Tribal Marijuana Sovereignty Act protects federal funds for tribes

Rep. Mark Pocan (D-Wisconsin) addresses the National Congress of American Indians executive council winter session in Washington, D.C., on February 24, 2016. Photo by Indianz.Com

Rep. Mark Pocan (D-Wisconsin) introduced the Tribal Marijuana Sovereignty Act on Wednesday.

The bill ensures that tribes won't be punished for entering the marijuana industry.It bars federal agencies from considering a tribe's cannabis laws and policies when allocating federal funds or considering other federal benefits.

“I strongly believe states should be allowed to enact their own marijuana laws, and have consistently supported attempts to ensure federal laws do not interfere with them,” Pocan said in a press release. “I’m also an ardent supporter of tribal sovereignty, which is why I introduced this bill forbidding the federal government from considering marijuana production, possession, or sale as an adverse factor when disbursing federal funds."

The bill counteracts another proposal that takes a more controversial approach to cannabis in Indian Country. S.1984, the Keeping Out Illegal Drugs Act (KIDS Act), bars tribes that cultivate, manufacture or distribute marijuana from receiving federal funds.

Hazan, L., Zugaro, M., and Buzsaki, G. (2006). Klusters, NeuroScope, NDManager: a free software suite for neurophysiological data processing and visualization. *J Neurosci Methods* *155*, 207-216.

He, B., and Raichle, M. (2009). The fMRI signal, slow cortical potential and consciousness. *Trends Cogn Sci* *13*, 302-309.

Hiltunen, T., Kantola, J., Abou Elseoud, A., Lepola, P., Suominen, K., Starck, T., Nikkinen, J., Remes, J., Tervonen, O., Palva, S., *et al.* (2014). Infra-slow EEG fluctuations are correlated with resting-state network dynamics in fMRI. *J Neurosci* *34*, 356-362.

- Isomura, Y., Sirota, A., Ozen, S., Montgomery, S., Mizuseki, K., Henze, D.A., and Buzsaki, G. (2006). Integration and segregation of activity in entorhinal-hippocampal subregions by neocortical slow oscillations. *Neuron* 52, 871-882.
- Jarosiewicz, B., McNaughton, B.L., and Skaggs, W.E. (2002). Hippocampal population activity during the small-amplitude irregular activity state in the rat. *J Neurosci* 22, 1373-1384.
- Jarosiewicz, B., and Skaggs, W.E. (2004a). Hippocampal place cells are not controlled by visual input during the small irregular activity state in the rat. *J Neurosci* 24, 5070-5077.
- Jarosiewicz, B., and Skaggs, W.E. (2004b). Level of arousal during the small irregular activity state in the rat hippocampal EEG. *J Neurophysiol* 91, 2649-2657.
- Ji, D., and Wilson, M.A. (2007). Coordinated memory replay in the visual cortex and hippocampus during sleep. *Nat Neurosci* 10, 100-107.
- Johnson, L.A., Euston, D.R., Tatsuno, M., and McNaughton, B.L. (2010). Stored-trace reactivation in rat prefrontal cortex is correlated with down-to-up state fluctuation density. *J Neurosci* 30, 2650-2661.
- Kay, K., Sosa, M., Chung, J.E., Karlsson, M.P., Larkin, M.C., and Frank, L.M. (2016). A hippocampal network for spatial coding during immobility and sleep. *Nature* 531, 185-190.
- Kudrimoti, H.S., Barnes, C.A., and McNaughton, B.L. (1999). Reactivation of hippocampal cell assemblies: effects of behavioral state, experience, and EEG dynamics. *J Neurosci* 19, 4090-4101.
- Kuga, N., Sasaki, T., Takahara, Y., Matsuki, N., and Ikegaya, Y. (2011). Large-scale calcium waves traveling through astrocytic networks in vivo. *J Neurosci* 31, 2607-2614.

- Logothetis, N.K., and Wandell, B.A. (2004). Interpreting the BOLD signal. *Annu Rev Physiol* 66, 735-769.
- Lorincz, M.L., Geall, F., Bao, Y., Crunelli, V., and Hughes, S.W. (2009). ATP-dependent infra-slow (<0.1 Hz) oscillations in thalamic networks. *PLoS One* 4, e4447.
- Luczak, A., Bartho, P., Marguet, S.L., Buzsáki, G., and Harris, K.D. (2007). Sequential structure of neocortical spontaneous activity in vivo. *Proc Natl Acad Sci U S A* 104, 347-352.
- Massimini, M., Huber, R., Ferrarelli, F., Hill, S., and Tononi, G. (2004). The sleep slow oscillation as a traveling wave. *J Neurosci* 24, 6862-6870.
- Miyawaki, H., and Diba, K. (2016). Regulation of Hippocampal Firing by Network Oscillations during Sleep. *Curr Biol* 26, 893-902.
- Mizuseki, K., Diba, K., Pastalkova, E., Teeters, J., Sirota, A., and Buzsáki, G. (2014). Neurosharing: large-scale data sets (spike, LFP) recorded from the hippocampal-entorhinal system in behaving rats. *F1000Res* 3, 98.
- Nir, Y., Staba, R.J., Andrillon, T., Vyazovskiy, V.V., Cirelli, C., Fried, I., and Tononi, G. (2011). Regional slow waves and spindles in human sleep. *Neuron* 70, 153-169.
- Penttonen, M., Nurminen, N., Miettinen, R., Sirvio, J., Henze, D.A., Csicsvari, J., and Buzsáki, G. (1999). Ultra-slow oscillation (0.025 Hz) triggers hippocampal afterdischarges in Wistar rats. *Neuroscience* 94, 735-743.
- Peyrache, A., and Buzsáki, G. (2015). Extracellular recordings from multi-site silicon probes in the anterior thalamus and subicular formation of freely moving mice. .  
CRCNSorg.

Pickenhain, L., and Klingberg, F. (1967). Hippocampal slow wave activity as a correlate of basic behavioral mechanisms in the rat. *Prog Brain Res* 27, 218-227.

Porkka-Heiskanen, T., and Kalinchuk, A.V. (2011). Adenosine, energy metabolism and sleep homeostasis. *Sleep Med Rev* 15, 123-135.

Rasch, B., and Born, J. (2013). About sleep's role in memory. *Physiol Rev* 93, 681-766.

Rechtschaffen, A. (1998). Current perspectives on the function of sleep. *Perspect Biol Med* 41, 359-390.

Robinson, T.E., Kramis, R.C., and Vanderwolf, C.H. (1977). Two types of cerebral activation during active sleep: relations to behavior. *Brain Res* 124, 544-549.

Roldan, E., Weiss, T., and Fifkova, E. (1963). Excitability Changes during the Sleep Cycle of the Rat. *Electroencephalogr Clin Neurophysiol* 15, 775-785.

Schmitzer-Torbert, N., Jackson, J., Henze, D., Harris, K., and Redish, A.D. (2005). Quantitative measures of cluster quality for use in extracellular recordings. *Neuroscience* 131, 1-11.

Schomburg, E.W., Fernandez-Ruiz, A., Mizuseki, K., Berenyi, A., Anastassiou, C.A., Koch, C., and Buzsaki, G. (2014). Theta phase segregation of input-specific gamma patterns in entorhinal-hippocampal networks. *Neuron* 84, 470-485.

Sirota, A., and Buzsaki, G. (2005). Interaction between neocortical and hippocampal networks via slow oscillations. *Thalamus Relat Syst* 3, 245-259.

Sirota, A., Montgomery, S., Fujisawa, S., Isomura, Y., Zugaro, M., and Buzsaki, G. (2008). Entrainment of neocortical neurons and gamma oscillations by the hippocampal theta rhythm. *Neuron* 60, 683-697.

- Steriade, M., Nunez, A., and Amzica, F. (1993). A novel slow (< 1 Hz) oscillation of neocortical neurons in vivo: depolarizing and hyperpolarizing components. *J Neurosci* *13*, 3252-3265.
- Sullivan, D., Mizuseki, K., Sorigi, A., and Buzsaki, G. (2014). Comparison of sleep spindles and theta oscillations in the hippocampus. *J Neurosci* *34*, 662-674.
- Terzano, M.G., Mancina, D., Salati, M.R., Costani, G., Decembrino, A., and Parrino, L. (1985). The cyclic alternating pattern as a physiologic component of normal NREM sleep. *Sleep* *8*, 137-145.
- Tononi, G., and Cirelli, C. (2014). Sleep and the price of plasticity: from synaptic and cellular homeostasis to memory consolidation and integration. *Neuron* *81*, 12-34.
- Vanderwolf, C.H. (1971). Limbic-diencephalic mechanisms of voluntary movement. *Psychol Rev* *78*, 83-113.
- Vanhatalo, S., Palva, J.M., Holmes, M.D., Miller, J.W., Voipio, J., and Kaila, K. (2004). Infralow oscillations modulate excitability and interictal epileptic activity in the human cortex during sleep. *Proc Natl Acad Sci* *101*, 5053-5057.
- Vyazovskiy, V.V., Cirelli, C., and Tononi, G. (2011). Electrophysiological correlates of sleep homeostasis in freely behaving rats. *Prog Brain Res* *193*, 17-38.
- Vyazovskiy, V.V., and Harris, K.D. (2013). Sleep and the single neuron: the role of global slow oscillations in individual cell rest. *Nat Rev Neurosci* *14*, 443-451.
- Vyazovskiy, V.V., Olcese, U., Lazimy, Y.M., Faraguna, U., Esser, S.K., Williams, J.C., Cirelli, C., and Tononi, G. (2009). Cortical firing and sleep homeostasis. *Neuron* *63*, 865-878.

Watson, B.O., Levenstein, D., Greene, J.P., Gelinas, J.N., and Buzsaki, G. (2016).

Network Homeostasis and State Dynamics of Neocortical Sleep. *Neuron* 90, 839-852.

The Squaxin Island Tribe of Washington owns and operates Elevation Recreation, which was the first legal marijuana outlet in Indian Country. Photo from Facebook

"When a tribal member is cut off from federal benefits because their nation voted to approve the growing of medicinal cannabis in states where it is lawful, the U.S. Congress harkens back to reviving the disgusting policy of federal termination of tribes and their tribal members," attorney Dennis G. Chappabitty and his wife, Linda Amelia-Chappabitty, who has been helping tribes navigate the complex marijuana industry, wrote last August after the KIDS Act was introduced.

Pocan's measure also allows the Indian Health Service to discuss and recommend medical marijuana to patients. But it makes clear that the agency cannot dispense the drug under existing law.

Similar legislation regarding the Department of Veterans Affairs has been included in an appropriations bill that's advancing in the Senate.

Dozens of tribes have expressed interest in the marijuana industry but only a handful, all in Washington state, have successfully entered the market. Uncertainties in federal law and policy, along with potential encroachments by states, have kept more from moving forward with projects that could generate significant economic activity in Indian Country.

Three tribes in California saw their marijuana operations raided by federal and local authorities last year and another in Wisconsin had its hemp plants destroyed by federal agents last October. Another in South Dakota voluntarily destroyed its marijuana after being warned of a potential federal raid.

Relevant Documents:
Department of Justice Policy Statement Regarding Marijuana Issues in Indian Country (October 2014)

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